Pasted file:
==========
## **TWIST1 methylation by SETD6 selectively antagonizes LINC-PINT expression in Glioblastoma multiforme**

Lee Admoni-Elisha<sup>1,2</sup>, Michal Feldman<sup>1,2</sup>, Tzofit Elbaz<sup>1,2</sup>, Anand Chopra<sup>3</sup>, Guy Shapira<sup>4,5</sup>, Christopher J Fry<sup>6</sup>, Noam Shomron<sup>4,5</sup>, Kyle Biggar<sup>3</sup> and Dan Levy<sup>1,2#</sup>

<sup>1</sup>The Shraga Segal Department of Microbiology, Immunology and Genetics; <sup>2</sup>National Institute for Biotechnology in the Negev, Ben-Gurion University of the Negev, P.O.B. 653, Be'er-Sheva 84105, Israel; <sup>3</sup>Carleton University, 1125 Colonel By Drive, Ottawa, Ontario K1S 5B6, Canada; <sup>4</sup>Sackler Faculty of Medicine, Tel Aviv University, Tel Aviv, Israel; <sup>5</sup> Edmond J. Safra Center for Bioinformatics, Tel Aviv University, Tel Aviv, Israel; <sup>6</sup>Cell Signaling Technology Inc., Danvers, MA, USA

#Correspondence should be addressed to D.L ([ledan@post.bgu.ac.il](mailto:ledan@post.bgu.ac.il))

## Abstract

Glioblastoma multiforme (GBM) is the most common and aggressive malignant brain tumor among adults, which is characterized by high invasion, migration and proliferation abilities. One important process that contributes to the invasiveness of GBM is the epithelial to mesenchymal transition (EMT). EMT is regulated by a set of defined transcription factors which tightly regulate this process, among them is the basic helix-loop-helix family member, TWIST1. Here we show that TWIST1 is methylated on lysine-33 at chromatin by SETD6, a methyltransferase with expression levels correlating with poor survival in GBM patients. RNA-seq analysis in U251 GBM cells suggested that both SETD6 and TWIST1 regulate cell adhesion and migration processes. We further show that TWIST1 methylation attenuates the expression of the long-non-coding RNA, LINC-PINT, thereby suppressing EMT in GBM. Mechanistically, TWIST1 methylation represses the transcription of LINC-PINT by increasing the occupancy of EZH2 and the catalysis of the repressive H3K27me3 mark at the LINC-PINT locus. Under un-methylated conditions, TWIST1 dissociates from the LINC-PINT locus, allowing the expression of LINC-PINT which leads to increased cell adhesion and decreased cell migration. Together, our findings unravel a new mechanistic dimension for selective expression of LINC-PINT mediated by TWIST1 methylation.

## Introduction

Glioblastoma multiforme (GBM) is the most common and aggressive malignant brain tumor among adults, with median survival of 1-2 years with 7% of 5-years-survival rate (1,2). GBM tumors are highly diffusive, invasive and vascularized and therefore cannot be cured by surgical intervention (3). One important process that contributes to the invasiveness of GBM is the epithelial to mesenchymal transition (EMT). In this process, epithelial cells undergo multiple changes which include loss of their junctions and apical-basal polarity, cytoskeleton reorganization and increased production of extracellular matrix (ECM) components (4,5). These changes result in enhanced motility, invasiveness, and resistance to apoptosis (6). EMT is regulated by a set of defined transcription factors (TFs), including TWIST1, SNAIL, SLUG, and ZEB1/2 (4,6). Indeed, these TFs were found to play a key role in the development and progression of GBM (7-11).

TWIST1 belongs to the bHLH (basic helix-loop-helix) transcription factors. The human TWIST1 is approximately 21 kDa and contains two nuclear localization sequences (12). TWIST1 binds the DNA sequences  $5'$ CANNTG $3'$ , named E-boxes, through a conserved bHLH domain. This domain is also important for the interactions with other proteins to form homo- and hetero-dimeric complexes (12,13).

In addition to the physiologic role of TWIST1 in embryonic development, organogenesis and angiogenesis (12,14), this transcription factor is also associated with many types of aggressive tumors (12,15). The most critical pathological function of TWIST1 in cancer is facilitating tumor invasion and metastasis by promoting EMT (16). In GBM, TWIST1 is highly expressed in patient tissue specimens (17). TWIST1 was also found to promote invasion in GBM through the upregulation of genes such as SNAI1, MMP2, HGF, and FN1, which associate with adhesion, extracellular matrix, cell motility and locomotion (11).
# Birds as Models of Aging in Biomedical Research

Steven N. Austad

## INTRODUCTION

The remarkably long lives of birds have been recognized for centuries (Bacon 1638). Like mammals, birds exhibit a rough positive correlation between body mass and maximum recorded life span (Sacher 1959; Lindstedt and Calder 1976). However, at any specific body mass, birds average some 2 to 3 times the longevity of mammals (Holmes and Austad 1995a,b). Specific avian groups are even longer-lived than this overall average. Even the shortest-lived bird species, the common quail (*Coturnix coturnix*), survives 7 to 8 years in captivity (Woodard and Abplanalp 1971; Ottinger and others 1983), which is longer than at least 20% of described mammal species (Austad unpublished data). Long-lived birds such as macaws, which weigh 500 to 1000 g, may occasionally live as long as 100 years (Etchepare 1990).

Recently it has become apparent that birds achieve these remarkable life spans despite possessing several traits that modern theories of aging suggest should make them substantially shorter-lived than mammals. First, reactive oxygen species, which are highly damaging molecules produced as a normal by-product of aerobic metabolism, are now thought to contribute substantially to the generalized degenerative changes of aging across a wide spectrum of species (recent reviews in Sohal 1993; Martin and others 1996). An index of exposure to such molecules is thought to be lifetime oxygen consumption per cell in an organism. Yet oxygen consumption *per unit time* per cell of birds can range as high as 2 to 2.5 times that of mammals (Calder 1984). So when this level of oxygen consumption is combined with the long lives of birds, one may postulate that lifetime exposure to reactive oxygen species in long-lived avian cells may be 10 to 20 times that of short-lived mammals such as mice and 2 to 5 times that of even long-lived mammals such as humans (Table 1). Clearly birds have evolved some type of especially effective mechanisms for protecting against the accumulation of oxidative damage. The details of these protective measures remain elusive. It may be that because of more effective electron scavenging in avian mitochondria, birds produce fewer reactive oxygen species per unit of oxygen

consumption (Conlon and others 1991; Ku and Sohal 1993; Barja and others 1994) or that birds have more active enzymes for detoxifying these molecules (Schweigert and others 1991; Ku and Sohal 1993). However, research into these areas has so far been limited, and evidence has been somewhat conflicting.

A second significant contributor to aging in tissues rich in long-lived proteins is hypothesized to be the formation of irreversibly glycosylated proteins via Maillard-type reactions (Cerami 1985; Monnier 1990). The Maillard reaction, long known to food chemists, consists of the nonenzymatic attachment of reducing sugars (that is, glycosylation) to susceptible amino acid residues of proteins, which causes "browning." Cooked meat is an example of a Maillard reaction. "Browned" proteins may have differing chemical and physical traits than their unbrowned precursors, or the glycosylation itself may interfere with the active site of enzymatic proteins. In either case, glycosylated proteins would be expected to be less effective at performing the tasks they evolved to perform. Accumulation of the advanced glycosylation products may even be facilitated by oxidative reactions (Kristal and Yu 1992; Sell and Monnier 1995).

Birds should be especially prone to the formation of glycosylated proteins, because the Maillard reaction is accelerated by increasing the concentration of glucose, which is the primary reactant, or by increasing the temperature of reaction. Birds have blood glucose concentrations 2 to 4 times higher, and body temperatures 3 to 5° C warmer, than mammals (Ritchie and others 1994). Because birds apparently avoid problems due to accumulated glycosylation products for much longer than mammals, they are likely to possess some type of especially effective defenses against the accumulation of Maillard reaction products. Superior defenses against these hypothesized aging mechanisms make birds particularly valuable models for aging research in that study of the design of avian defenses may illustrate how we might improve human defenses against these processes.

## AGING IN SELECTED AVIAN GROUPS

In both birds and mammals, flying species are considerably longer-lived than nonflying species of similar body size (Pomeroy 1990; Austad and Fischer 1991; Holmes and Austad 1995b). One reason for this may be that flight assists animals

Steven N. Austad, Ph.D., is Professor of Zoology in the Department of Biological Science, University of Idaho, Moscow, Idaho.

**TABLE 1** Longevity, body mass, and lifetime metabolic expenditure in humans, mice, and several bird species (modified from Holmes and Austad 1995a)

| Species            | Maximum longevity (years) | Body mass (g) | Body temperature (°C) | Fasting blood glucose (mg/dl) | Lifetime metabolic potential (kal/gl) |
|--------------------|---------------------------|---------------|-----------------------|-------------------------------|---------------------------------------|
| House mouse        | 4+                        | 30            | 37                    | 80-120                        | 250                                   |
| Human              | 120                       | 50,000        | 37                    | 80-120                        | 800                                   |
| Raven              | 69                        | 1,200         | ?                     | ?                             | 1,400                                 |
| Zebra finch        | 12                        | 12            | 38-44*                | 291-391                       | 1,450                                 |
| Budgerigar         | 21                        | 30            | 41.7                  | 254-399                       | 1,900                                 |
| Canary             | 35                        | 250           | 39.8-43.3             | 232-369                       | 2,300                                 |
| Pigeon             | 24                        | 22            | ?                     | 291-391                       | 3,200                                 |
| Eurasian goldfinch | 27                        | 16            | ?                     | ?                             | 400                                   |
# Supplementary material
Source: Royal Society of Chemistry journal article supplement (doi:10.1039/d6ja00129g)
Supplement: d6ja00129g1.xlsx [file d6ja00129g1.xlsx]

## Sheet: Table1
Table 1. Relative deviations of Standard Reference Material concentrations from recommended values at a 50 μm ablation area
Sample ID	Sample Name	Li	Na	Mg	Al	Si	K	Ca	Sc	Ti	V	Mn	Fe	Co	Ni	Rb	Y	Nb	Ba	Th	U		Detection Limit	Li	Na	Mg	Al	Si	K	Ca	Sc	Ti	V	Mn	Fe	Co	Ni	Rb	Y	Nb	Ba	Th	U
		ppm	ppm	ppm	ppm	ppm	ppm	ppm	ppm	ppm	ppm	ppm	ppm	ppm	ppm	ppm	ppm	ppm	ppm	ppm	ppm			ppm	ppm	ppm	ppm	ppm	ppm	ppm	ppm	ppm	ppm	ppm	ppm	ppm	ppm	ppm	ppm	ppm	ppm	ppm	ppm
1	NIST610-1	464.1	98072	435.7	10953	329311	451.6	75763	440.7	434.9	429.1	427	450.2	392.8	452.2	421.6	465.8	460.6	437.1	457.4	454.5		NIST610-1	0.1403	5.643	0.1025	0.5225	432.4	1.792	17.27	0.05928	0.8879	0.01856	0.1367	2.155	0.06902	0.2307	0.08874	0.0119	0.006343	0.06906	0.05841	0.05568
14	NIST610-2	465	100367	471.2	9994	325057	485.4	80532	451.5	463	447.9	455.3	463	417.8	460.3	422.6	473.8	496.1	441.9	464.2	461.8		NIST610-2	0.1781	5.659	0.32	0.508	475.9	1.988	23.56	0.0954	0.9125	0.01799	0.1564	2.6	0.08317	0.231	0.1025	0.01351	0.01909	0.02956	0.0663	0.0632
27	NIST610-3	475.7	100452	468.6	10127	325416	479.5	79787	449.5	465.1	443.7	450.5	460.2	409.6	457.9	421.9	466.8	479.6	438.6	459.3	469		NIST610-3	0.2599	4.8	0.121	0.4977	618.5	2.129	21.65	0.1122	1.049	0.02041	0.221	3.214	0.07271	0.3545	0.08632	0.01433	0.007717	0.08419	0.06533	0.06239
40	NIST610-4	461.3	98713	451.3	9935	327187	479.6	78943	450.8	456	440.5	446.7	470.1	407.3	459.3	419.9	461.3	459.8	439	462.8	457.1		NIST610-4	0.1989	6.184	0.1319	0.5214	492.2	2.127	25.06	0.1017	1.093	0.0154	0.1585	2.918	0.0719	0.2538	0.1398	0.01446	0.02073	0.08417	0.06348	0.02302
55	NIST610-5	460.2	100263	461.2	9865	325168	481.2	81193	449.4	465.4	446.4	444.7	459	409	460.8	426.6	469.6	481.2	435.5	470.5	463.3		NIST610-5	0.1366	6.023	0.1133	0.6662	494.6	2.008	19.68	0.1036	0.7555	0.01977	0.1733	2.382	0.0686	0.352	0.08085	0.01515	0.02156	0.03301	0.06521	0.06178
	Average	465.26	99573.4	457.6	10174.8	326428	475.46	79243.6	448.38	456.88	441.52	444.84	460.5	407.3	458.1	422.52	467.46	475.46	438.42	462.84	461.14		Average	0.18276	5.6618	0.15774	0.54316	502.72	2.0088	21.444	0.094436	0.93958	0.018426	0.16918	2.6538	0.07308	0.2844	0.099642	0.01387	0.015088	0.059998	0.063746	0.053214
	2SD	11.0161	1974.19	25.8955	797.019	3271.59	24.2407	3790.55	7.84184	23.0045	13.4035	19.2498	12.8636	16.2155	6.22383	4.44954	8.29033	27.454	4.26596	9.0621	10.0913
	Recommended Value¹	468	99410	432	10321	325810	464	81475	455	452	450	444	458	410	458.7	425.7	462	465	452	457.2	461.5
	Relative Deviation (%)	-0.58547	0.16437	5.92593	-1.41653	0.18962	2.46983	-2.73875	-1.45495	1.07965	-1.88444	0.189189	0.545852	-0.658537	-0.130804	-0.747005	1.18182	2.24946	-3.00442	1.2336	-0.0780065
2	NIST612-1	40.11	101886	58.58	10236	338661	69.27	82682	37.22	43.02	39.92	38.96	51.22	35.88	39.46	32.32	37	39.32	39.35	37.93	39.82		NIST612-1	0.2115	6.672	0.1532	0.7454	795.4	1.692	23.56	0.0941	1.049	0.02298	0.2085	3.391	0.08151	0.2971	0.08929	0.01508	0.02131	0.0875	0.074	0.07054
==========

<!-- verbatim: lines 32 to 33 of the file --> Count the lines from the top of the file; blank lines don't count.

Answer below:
| Eurasian goldfinch | 27                        | 16            | ?                     | ?                             | 400                                   |
# Supplementary material